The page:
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Hacking Travel

by Jeremy McCarthy

The best travel experiences aren’t found in the guidebook
It wasn’t until my early 30s, when I met one of my best friends, that I would become inspired to travel around the world. Patrick was working with me at a hotel in Hawaii, and I looked up to him because he had already been around the world twice, and I had never been anywhere. I would drool over the photographic journals of his expeditions, which were even more impressive when accompanied by the stories he would tell about his adventures.
So when Patrick invited me to join him on a trip one day, I didn’t hesitate. “Wherever you’re going, I’m in.” And thus began our first adventure together to Bali (still my favorite destination and one I’ve returned to many times since). Patrick and I became lifelong friends and travel partners, having since visited the ruins of Machu Picchu, the rice paddies of Vietnam, the volcanoes of Costa Rica, and the great pyramids of Egypt, just to name a few.
Often, on these trips, The Lonely Planet was our travel guide of choice. We would land in our new destination, usually without a hotel room arranged, and, using the maps and recommendations of the guidebook, we would navigate our way around. As guidebooks are meant to do, The Lonely Planet did a good job of directing us to the best things to see and do in the area.
But looking back now, on more than a decade of amazing travel experiences, I have to say that some of my favorites could not have been found in any guidebook. In fact, nowadays, I rarely bring a travel guide with me, preferring instead to practice some of these travel “hacks” I have learned along the way:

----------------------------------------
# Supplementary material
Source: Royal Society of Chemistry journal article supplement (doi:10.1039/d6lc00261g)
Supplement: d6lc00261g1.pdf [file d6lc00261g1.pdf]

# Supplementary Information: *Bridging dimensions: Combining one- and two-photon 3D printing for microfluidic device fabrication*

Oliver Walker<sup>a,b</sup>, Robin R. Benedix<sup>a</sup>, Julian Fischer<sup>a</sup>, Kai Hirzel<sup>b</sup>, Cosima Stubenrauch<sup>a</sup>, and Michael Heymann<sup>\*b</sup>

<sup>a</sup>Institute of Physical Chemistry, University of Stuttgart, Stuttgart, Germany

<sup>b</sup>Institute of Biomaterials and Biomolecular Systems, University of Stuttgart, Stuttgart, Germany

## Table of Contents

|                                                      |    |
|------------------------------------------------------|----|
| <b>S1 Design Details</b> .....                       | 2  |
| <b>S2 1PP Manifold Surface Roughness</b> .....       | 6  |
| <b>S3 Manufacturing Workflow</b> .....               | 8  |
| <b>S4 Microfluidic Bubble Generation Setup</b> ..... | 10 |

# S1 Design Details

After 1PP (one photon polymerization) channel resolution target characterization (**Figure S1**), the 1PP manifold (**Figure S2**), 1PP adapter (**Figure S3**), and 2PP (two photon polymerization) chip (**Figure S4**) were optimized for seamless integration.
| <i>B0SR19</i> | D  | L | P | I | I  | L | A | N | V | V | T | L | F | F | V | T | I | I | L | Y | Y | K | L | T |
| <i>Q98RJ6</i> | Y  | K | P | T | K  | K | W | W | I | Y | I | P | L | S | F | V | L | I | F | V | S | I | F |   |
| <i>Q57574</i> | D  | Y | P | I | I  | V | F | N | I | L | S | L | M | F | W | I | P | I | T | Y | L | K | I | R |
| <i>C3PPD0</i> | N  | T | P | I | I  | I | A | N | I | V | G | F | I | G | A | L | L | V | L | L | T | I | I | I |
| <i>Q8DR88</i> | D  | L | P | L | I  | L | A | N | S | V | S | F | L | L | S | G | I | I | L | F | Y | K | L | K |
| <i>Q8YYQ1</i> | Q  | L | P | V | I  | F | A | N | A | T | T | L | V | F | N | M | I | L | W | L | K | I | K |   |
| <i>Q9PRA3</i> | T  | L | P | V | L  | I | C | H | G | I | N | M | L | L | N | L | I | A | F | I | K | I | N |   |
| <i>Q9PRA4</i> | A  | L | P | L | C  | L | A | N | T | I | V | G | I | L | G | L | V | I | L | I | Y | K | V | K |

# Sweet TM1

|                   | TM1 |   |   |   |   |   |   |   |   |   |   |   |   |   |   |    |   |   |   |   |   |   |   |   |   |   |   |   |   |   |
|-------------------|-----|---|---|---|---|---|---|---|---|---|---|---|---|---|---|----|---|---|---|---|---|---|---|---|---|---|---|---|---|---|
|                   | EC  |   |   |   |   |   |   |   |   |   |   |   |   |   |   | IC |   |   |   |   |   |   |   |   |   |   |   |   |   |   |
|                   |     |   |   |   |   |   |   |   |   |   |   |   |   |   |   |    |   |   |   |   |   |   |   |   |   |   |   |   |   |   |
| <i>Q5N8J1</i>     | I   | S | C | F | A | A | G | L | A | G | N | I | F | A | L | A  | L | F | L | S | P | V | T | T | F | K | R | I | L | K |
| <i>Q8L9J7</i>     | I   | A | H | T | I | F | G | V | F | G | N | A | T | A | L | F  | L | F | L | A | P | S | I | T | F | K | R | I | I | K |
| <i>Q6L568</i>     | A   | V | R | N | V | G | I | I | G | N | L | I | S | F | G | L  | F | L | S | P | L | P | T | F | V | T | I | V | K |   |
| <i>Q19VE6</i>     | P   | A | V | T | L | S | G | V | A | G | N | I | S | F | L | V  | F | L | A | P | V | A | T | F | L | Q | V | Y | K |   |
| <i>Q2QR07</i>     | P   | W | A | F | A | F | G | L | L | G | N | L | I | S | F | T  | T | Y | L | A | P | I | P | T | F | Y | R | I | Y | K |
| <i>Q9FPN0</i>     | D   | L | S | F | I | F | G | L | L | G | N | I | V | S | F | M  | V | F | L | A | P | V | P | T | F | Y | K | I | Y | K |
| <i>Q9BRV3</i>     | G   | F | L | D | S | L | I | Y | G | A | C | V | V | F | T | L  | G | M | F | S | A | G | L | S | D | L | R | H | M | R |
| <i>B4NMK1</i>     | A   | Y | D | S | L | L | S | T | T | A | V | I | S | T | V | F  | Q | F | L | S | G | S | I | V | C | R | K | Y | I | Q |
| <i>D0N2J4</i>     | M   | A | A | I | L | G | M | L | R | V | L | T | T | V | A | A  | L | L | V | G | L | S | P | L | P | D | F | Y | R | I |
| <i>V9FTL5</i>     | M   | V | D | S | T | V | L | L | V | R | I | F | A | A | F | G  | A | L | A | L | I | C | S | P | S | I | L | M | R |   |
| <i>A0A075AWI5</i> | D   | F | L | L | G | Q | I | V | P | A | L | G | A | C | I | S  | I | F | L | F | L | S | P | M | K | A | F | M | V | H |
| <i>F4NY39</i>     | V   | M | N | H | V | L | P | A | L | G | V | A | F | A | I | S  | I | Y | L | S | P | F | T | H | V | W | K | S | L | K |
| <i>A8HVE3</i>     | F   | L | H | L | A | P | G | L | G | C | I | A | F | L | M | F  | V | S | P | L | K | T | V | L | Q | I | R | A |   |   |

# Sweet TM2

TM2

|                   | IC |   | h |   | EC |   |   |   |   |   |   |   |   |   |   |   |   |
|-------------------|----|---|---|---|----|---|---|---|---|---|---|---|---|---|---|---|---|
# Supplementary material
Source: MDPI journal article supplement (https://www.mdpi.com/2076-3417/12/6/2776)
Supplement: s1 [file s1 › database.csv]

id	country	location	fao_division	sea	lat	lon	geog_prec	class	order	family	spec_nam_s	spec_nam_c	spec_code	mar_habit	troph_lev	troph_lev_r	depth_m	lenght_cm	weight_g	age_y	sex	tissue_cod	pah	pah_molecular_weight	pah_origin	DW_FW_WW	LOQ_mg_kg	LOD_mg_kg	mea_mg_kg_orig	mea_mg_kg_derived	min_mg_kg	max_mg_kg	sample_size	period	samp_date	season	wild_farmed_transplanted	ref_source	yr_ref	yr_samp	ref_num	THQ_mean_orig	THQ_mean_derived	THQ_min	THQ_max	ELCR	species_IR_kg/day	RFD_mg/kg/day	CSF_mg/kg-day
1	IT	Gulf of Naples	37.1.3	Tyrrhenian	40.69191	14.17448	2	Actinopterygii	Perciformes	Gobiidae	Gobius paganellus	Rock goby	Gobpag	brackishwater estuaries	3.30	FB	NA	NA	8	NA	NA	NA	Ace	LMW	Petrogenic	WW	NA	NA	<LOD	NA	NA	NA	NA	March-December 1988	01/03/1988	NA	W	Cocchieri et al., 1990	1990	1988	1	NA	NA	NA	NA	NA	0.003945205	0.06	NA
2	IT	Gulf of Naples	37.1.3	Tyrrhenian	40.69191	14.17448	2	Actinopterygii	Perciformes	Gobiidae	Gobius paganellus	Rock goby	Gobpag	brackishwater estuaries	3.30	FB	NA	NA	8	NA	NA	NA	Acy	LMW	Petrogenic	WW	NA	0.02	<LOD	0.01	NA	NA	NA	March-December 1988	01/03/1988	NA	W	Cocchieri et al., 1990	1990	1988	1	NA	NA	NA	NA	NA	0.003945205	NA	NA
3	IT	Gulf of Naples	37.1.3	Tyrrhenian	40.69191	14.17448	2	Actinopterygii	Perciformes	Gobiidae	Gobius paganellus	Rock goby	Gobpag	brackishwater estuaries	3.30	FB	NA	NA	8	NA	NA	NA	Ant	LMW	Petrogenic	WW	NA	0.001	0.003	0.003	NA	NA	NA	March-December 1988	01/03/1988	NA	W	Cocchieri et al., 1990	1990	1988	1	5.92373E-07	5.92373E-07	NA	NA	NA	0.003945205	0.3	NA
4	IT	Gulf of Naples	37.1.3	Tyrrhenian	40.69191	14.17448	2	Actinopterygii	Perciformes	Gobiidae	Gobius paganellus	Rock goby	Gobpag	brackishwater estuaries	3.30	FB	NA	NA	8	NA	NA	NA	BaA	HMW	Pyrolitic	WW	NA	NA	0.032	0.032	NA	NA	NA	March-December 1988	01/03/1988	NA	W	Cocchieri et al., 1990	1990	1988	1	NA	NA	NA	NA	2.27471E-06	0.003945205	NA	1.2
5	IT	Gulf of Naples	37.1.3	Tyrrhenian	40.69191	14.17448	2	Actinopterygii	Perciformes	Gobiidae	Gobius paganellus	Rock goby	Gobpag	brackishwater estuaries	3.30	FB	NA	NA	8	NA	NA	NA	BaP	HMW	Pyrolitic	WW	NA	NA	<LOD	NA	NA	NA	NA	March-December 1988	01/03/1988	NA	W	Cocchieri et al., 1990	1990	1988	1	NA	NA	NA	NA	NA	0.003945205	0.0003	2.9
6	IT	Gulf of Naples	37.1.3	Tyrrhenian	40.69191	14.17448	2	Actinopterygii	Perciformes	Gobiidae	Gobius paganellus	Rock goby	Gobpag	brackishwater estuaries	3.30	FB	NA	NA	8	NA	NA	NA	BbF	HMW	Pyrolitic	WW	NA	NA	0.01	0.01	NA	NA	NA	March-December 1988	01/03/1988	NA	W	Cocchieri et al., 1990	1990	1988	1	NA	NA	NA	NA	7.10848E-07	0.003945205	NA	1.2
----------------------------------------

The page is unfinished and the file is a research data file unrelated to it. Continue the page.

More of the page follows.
1. Visit someone you know. It is one thing to visit another country as a tourist, but it is another thing altogether to get a sense of what it is like to live there. Some of my favorite travel experiences involved visiting friends in Bangkok, Mexico City or Paris and seeing the destination through their eyes.
  2. Veer off the beaten path. This is so cliché, I’m almost ashamed to include it. But it’s true. One of my favorite travel experiences of all time was when Patrick and I were driving down from the top of a volcano in Costa Rica and we decided to skip one of the hostels in our guidebook and see if we could find a place to stay above the clouds along the side of the mountain. We veered down a ridiculously bumpy dirt road where we were rewarded with lodging in a log cabin in the sky and one of the most amazing sunsets we had ever seen.
  3. Let the destination be the context. The best trips are those in which the destination is the backdrop rather than the focal point. In other words, forego all the famous sites in the guidebook and do something else you love. Take language classes, or take up painting, or surf, or hike or scuba dive. The ultimate travel experience is doing something you love in a new context with people from a different culture who love the same thing.

If you consider what a tourist guidebook to your own hometown might cover, you can quickly see that it would only show a narrow sliver. Unlocking a destination is about examining real life in a context that is different from what you know. Guidebooks are helpful, but nothing compares to the experiences you discover on your own, and the ones that change you.
Jeremy McCarthy is the group director of spa for the Mandarin Oriental Hotel Group. He is the author of The Psychology of Spas & Wellbeing and hosts a blog at psychologyofwellbeing.com.

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